[ I wrote the article below for Wireframe, a British game dev magazine which ‘lifts the lid on video games’. And, inexplicably, lets me have a monthly column. ]
Story in games is a hot topic. But what about structure? How does the narrative form of a game influence its player’s experience? What does the structure of a story tell us, and what does it reveal about a game’s themes? I have only the vaguest understanding of how this works when it comes to the visual arts – I can gesture confusedly about the golden ratio, and how the Parthenon has no straight lines – but I can talk usefully about text.
Take, for example, Anthony Burgess’s A Clockwork Orange. The novella is a Bildungsroman – a story of growing up – following its antihero from violent immaturity to adulthood. Its structure reflects this with three sections of seven chapters each: each section is believed to reference Shakespeare’s seven ages of man, while its twenty-one chapters are a deliberate nod to the milestone age of twenty-one years old.
The theme of growth stemmed in part from the violent sexual assault of Burgess’s pregnant wife at the hands of US soldiers which caused her to miscarry their child. Left with a lifelong void where they should have watched their real child grow up, Burgess developed a fictional one. The assault is believed to be the ‘inspiration’ behind a very similar attack perpetrated by the main character in A Clockwork Orange. Dark stuff, but illustrative of form and structure working to reinforce its author’s focus and its story’s central theme.
So what narrative structure do we see in games? Honestly, not as much as you’d expect. You hear narrative games described in terms of plot, but games don’t yet have established formal constructs like chapters or poetic metre. We borrow structures like Aristotle’s five-part narrative arc – exposition, an inciting incident, a crisis and climax, falling action, and a dénouement – but we haven’t yet developed narrative forms specific to games.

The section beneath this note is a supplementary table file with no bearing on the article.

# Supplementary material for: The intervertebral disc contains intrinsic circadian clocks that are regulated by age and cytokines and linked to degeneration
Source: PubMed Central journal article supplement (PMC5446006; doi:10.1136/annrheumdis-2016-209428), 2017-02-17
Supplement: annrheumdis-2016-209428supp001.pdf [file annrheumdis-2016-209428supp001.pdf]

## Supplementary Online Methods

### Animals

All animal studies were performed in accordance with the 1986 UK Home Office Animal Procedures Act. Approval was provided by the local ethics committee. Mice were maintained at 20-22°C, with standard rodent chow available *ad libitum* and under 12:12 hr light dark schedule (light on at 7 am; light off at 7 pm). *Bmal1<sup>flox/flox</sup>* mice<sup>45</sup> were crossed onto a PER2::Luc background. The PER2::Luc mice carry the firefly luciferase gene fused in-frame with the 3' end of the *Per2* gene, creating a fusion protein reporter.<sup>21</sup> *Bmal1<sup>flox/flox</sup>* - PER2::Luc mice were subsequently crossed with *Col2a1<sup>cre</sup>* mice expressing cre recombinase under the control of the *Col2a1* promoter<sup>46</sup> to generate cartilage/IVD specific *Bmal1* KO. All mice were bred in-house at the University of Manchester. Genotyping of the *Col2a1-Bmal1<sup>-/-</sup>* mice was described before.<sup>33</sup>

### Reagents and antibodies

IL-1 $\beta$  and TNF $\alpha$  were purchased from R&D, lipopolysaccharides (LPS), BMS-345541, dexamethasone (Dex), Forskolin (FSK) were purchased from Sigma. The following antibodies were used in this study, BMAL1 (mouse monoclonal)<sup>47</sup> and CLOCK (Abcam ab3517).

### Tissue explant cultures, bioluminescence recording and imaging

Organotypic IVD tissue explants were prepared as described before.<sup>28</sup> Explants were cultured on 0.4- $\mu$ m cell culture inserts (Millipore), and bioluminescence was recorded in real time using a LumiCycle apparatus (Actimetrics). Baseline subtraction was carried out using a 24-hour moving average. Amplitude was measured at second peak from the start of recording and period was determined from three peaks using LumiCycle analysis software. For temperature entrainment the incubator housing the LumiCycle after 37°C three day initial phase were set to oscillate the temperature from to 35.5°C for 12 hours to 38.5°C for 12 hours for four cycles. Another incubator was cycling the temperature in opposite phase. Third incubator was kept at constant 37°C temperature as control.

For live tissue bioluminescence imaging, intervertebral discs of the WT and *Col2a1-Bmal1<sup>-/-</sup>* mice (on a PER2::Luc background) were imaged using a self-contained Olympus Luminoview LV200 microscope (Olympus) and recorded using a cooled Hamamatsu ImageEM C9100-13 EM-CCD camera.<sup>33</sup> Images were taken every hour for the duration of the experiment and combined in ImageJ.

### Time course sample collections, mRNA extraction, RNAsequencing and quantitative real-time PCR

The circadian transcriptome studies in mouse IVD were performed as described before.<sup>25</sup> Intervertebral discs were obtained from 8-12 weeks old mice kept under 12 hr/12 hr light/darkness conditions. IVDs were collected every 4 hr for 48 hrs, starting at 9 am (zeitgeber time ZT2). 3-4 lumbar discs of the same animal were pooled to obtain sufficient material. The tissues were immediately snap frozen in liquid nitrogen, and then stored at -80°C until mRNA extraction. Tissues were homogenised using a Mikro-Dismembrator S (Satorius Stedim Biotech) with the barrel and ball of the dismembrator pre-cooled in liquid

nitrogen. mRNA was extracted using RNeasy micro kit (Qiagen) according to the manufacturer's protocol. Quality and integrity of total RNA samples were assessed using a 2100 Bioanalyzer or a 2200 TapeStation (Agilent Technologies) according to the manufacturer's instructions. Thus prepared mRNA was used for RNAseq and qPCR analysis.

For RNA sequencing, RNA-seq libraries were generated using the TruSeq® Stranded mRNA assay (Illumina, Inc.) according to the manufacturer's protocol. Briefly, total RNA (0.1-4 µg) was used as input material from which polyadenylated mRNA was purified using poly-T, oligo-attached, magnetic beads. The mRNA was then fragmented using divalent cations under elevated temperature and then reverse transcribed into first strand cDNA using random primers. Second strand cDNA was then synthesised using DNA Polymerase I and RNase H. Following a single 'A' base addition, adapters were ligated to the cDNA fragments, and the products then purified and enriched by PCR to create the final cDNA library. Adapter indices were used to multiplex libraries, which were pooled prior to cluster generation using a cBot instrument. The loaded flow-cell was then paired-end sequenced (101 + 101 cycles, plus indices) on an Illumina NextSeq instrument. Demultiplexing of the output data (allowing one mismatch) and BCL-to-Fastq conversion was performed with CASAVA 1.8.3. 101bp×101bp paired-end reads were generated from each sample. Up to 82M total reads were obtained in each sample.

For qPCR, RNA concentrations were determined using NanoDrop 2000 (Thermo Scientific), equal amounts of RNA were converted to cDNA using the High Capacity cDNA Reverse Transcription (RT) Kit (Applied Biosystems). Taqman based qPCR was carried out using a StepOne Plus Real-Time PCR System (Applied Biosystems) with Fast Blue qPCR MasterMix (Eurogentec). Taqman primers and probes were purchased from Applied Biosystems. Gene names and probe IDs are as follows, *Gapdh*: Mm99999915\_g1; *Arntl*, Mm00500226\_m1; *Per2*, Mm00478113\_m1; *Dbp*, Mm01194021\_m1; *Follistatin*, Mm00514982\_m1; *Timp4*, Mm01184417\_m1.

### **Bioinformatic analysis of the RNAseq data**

There are some interesting examples, though. From its second game, the Diablo series has traditionally served up four acts each with its own narrative subplot and ultimate boss battle. This is an overt use of traditional narrative structure, but it doesn’t really reinforce any of Diablo’s themes (to wit: good versus evil, Christian-inflected moral and bodily corruption, and lots of jazzy loot). Here, content and structure don’t actually work together.
But here comes Alan Wake. This seminal sort-of-narrative, sort-of-survival-horror game is organised into six or eight episodes depending on whether you bought the DLC. They end with cinematic cliff-hangers and are recapped with a ‘Previously, on Alan Wake…’ summary at the start of the following section. Heavily influenced by TV serials like Twin Peaks and Lost, Remedy said they felt an episodic structure was best to maintain their high-quality mystery narrative throughout the whole game. This isn’t intricate Burgessian formalism, but it is definitely structure supporting content.
I look forward to more and more examples of structure being deliberately used in games. Because games is writing its own Bildungsroman. Games is growing up. There are lots of good reasons why structure and form might not be relevant for every game, but our stories are getting better, and our narratives more complex. Structure is a tool we’ve yet to master, but it’s just waiting to be picked up.